30 Days in the Bible, Day 2: Deuteronomy 10:12-17
The way this passage deals with circumcision may be startling to some readers, and I’m sure it was striking to the Israelites when they first heard it. Circumcision was the sign of the covenant between the Lord and His people, from the time of Abraham onward. Even before there was anything resembling a nation of Israel, this sign was given to show that a boy (or a male convert) was a part of the covenant people of God.
To this day circumcision remains an important religious sign for the Jews. While circumcision is practiced by those who are not Jews (often for medical, not spiritual reasons), it has a special meaning for the Jewish people. There is a ceremony, the bris, which is observed whenever a Jewish baby is circumcised. The physical sig of circumcision is as vitally important to Jews today as it was in ancient Israel.
Yet Moses doesn’t refer to the physical act of circumcision as he urges Israel to serve their God. Rather, he tells them to circumcise “the foreskin of their heart.” This is a call for the Israelites to remove not part of their body, but anything spiritual that gets in the way of their service to the Lord. The external sign was an important step of obedience, but it made no difference if the one who was circumcised would not honor and serve the Lord.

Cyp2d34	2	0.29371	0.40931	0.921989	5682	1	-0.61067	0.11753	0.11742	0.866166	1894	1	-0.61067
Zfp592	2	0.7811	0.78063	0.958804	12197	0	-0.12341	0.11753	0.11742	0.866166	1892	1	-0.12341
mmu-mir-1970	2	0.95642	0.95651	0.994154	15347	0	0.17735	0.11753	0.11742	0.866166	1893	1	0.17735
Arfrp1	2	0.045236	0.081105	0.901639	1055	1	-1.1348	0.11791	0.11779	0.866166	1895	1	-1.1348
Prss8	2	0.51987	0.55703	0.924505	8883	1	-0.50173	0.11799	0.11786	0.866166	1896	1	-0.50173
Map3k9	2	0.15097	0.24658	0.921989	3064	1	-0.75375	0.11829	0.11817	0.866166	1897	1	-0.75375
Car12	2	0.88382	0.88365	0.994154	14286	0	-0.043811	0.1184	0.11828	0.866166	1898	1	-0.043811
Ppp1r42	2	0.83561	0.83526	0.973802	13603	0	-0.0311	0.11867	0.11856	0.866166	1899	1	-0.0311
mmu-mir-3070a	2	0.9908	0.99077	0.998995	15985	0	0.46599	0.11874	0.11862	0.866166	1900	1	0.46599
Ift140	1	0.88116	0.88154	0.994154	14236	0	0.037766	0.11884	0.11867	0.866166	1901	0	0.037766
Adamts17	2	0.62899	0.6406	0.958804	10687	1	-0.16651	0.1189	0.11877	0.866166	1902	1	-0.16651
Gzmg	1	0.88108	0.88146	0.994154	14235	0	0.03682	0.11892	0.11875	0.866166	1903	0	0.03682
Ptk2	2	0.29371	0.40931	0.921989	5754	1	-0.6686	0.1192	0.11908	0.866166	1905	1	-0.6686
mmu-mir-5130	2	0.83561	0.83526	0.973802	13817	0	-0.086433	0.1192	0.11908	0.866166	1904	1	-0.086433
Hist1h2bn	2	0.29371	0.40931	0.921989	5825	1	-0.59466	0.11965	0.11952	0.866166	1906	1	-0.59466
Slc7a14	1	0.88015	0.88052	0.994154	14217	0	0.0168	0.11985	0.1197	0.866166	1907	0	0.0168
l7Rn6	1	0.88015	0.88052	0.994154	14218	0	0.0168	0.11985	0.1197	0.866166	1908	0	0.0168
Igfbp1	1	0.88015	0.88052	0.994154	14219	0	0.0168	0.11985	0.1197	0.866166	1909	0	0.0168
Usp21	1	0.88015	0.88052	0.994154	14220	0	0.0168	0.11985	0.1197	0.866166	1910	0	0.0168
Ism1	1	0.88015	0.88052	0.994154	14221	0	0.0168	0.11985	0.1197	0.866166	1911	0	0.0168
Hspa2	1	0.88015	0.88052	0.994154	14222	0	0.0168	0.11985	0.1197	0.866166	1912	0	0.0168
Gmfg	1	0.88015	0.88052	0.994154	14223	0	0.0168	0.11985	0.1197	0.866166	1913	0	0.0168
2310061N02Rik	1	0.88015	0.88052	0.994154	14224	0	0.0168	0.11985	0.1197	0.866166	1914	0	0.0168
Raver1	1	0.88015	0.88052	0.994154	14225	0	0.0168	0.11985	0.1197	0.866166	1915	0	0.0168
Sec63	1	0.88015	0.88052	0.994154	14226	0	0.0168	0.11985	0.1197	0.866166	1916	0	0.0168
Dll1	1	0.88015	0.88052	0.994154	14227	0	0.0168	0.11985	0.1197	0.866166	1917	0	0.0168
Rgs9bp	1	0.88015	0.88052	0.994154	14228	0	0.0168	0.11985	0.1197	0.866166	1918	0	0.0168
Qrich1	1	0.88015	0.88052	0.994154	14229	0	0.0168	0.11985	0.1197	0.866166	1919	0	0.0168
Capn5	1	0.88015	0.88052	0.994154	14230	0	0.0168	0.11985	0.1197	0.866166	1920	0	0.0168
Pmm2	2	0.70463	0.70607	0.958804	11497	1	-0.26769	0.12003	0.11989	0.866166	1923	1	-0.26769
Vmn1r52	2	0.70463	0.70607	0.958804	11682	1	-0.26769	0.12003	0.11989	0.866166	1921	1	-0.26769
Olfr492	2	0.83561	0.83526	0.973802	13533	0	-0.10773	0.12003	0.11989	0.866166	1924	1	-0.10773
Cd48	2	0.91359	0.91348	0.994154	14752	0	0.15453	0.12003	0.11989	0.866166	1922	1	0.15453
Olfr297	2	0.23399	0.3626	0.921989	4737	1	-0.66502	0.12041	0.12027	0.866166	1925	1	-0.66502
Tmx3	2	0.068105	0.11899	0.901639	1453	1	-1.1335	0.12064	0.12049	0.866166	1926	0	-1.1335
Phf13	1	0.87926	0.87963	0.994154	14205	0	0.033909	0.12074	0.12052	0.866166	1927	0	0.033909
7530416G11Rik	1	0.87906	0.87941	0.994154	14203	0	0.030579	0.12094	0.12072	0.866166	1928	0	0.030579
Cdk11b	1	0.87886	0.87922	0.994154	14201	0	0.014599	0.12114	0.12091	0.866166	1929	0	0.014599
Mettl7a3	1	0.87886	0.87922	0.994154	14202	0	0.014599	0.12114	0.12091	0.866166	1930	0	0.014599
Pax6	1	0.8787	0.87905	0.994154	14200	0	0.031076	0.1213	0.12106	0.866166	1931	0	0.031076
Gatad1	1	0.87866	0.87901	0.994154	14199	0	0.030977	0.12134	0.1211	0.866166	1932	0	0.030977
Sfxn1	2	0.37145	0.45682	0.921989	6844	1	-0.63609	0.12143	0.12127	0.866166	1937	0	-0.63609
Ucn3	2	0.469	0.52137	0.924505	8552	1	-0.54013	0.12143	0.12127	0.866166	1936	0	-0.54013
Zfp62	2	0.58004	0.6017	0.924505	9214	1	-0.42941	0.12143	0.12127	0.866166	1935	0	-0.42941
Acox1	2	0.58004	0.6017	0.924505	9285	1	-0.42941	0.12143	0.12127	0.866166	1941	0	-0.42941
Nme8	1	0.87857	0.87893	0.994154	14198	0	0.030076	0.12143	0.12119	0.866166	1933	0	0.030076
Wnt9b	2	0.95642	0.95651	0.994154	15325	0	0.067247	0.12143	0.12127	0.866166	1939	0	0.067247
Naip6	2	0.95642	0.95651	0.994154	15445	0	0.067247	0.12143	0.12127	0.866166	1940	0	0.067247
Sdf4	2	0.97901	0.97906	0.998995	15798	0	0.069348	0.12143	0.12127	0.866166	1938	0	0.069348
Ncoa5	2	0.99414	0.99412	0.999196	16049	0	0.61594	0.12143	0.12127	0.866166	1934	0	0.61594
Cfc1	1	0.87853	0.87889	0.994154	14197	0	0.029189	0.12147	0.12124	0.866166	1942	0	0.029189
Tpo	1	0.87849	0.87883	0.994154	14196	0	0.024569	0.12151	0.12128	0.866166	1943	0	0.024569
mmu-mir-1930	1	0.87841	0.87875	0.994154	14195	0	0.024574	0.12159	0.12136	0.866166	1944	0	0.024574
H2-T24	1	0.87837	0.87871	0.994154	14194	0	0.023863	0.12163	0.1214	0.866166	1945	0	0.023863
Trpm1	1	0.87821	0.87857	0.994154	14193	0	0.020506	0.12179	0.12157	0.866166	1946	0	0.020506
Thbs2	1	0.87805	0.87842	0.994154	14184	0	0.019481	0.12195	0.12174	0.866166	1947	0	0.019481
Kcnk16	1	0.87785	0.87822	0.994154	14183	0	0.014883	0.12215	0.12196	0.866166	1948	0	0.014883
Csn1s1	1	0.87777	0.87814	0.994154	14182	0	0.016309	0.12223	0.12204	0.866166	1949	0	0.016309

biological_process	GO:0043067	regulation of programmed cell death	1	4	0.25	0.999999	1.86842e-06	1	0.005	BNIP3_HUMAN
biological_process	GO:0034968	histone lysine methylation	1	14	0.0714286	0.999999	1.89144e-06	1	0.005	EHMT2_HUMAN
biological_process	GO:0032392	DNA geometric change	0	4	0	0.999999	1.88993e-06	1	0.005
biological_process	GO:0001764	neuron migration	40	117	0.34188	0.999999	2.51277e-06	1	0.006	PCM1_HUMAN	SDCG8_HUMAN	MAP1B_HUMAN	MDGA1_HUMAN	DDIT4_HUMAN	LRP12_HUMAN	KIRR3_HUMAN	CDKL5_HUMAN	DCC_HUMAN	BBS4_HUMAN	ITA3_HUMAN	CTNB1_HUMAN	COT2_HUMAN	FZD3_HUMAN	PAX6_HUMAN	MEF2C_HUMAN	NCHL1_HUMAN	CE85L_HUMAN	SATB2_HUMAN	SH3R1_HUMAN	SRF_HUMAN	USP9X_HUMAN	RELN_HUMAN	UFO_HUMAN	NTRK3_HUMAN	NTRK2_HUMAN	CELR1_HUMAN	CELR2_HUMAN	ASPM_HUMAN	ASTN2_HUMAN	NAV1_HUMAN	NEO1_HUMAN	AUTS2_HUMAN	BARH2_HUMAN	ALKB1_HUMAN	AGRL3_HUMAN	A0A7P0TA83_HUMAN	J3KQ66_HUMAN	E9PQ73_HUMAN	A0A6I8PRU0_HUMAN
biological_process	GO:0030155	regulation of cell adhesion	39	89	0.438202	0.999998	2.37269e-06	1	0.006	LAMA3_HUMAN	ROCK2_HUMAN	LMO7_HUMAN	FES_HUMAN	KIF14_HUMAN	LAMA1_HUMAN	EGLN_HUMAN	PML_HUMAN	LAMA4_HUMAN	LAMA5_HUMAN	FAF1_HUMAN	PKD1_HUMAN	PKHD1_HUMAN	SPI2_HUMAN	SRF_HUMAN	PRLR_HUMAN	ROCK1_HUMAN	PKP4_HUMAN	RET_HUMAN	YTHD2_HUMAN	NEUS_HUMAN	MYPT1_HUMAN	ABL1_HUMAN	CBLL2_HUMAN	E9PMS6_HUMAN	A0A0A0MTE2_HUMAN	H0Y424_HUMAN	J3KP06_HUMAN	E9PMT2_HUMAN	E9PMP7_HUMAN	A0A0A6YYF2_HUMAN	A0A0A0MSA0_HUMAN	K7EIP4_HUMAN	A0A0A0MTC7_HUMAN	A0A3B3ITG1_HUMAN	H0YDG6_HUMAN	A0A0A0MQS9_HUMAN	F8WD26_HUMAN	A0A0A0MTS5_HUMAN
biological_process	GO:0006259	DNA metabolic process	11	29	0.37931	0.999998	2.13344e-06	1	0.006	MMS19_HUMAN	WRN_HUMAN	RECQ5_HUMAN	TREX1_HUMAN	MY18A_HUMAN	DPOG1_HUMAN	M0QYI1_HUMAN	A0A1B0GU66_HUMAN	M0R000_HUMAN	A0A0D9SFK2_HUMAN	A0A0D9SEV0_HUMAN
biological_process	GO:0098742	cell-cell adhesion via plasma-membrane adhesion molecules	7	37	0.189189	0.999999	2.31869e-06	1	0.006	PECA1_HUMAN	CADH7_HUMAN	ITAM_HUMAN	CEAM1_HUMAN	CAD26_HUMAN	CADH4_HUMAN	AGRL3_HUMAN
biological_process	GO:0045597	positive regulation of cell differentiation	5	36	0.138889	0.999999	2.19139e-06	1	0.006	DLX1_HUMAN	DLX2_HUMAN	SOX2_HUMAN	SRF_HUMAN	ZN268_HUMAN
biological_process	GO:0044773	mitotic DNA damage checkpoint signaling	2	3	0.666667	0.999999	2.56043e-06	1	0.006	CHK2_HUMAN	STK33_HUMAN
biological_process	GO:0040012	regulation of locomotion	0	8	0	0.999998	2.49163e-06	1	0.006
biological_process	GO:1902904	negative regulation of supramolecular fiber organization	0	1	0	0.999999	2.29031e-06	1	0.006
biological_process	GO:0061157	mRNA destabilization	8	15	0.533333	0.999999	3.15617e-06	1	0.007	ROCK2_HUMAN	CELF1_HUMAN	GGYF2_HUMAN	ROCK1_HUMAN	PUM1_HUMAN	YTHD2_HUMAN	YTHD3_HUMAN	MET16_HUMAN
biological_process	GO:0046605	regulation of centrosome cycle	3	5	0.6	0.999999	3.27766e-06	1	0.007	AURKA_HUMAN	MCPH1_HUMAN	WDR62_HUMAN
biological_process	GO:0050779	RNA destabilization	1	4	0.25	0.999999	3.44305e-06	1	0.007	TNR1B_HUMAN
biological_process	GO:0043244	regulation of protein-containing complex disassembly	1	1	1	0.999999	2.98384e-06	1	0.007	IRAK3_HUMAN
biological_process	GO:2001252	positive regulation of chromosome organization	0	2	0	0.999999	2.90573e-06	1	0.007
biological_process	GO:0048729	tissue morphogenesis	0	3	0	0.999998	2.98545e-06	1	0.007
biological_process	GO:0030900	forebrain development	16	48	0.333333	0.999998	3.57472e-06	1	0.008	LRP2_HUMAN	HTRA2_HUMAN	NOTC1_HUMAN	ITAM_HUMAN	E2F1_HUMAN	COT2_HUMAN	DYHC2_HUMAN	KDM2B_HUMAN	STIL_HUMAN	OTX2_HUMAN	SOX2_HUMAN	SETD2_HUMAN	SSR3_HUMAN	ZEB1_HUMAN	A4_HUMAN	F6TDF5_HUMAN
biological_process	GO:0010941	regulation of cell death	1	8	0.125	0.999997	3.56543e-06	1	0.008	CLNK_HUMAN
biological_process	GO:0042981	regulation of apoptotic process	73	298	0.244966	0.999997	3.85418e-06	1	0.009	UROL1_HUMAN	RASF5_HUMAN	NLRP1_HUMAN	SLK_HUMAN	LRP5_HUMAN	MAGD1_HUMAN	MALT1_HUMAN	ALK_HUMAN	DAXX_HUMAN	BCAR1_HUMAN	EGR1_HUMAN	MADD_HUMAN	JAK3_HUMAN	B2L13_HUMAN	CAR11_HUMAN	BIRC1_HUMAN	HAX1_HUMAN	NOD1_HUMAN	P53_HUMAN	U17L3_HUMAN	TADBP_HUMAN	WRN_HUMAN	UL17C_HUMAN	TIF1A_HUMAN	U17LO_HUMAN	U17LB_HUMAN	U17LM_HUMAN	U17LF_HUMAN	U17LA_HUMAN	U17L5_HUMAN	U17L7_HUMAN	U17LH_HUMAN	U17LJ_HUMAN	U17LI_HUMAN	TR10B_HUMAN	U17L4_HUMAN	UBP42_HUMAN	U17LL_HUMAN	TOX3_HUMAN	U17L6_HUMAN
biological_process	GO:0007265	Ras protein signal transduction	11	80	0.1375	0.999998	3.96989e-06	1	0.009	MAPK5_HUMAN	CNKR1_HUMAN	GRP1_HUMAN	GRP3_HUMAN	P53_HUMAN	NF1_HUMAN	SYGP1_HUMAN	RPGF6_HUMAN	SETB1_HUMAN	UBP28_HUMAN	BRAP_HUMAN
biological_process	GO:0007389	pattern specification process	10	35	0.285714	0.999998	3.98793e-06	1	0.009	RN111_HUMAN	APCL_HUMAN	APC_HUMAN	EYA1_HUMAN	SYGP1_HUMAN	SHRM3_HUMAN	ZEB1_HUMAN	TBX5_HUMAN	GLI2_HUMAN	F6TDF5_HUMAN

This “circumcision of the heart” is contrasted with stubbornness. The people of Israel had already shown themselves time and again to be hard-headed and hard-hearted when it came to following the Lord. When the going got tough, they got to complaining. This stubbornness was a sign that their hearts were not fully devoted to serving God. There was still much that the people harbored inside that kept them from fully trusting and serving the Lord.
We as Christians have our own sign of becoming part of the people of Jesus Christ, baptism. It is important for every believer to follow the command of Jesus to be baptized as a symbol of our faith. Yet, as with Israel and circumcision, baptism doesn’t mean anything if we just go through an external ritual with no change in our heart. Baptism does not save us; it only shows our confession of our salvation through Jesus. To have meaning, baptism must be preceded and accompanied by a heart that has been surrendered to the Lord in repentance.
When our hearts have been renewed by the blood of Jesus and the power of the Holy Spirit, we are then free to truly serve the Lord. We can leave behind our stubborn desire to have our own way and seek to learn and follow the way the Lord has for us. When the external symbol is matched by an internal change, we start on our way to becoming the people God created us to be.
Baptism is important. If you are a believer in Jesus and have not yet followed His command to be baptized I encourage you to do so. But more importantly, has your heart been “baptized” and changed to a repentant and obedient heart? Only then does the symbol have true meaning, and only then is our service to the Lord pleasing to Him.